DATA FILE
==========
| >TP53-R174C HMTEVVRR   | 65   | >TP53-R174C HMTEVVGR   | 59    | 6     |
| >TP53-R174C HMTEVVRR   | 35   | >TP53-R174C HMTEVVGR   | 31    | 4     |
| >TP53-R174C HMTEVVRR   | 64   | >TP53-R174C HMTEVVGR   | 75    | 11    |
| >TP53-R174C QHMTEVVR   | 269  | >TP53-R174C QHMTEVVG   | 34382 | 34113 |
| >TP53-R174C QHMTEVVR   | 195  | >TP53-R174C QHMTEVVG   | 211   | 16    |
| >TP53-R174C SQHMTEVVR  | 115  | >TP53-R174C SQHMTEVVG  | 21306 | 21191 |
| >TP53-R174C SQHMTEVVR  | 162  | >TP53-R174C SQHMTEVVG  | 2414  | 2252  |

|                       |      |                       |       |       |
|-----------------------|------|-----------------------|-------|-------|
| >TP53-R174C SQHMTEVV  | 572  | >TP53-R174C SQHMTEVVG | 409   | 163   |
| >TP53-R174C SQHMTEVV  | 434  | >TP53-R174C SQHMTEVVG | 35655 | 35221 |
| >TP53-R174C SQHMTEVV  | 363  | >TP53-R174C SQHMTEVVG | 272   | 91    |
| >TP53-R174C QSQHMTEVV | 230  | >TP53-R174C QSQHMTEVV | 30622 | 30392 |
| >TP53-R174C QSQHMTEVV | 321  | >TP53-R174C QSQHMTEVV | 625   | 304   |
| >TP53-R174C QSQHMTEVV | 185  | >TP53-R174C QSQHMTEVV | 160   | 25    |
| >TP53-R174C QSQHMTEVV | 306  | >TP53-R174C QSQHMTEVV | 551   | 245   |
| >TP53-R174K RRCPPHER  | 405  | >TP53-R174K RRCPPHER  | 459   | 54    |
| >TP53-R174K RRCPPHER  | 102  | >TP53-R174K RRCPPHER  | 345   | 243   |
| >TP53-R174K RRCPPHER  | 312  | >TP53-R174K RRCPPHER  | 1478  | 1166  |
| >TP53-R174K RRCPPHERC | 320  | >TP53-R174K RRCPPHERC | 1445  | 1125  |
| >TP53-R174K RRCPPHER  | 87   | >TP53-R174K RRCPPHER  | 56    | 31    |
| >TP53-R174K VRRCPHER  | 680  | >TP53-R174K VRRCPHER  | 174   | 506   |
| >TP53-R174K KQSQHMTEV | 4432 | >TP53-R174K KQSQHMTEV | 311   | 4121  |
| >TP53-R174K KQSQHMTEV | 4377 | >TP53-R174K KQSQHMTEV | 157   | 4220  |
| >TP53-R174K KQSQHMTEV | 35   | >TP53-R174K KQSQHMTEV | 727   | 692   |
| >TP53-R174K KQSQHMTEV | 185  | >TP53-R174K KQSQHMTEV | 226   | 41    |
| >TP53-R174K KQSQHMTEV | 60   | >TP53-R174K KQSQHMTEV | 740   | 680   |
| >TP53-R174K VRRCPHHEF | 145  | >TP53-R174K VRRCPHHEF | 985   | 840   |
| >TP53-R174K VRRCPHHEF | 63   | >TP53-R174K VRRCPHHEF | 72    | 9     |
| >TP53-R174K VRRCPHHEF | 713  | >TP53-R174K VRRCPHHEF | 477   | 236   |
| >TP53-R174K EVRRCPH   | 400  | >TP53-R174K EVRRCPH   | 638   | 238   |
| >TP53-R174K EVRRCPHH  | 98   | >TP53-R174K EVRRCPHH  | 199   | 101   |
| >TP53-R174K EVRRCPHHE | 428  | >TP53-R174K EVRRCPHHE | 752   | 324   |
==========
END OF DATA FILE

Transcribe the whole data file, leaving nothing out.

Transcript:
| >TP53-R174C HMTEVVRR   | 65   | >TP53-R174C HMTEVVGR   | 59    | 6     |
| >TP53-R174C HMTEVVRR   | 35   | >TP53-R174C HMTEVVGR   | 31    | 4     |
| >TP53-R174C HMTEVVRR   | 64   | >TP53-R174C HMTEVVGR   | 75    | 11    |
| >TP53-R174C QHMTEVVR   | 269  | >TP53-R174C QHMTEVVG   | 34382 | 34113 |
| >TP53-R174C QHMTEVVR   | 195  | >TP53-R174C QHMTEVVG   | 211   | 16    |
| >TP53-R174C SQHMTEVVR  | 115  | >TP53-R174C SQHMTEVVG  | 21306 | 21191 |
| >TP53-R174C SQHMTEVVR  | 162  | >TP53-R174C SQHMTEVVG  | 2414  | 2252  |

|                       |      |                       |       |       |
|-----------------------|------|-----------------------|-------|-------|
| >TP53-R174C SQHMTEVV  | 572  | >TP53-R174C SQHMTEVVG | 409   | 163   |
| >TP53-R174C SQHMTEVV  | 434  | >TP53-R174C SQHMTEVVG | 35655 | 35221 |
| >TP53-R174C SQHMTEVV  | 363  | >TP53-R174C SQHMTEVVG | 272   | 91    |
| >TP53-R174C QSQHMTEVV | 230  | >TP53-R174C QSQHMTEVV | 30622 | 30392 |
| >TP53-R174C QSQHMTEVV | 321  | >TP53-R174C QSQHMTEVV | 625   | 304   |
| >TP53-R174C QSQHMTEVV | 185  | >TP53-R174C QSQHMTEVV | 160   | 25    |
| >TP53-R174C QSQHMTEVV | 306  | >TP53-R174C QSQHMTEVV | 551   | 245   |
| >TP53-R174K RRCPPHER  | 405  | >TP53-R174K RRCPPHER  | 459   | 54    |
| >TP53-R174K RRCPPHER  | 102  | >TP53-R174K RRCPPHER  | 345   | 243   |
| >TP53-R174K RRCPPHER  | 312  | >TP53-R174K RRCPPHER  | 1478  | 1166  |
| >TP53-R174K RRCPPHERC | 320  | >TP53-R174K RRCPPHERC | 1445  | 1125  |
| >TP53-R174K RRCPPHER  | 87   | >TP53-R174K RRCPPHER  | 56    | 31    |
| >TP53-R174K VRRCPHER  | 680  | >TP53-R174K VRRCPHER  | 174   | 506   |
| >TP53-R174K KQSQHMTEV | 4432 | >TP53-R174K KQSQHMTEV | 311   | 4121  |
| >TP53-R174K KQSQHMTEV | 4377 | >TP53-R174K KQSQHMTEV | 157   | 4220  |
| >TP53-R174K KQSQHMTEV | 35   | >TP53-R174K KQSQHMTEV | 727   | 692   |
| >TP53-R174K KQSQHMTEV | 185  | >TP53-R174K KQSQHMTEV | 226   | 41    |
| >TP53-R174K KQSQHMTEV | 60   | >TP53-R174K KQSQHMTEV | 740   | 680   |
| >TP53-R174K VRRCPHHEF | 145  | >TP53-R174K VRRCPHHEF | 985   | 840   |
| >TP53-R174K VRRCPHHEF | 63   | >TP53-R174K VRRCPHHEF | 72    | 9     |
| >TP53-R174K VRRCPHHEF | 713  | >TP53-R174K VRRCPHHEF | 477   | 236   |
| >TP53-R174K EVRRCPH   | 400  | >TP53-R174K EVRRCPH   | 638   | 238   |
| >TP53-R174K EVRRCPHH  | 98   | >TP53-R174K EVRRCPHH  | 199   | 101   |
| >TP53-R174K EVRRCPHHE | 428  | >TP53-R174K EVRRCPHHE | 752   | 324   |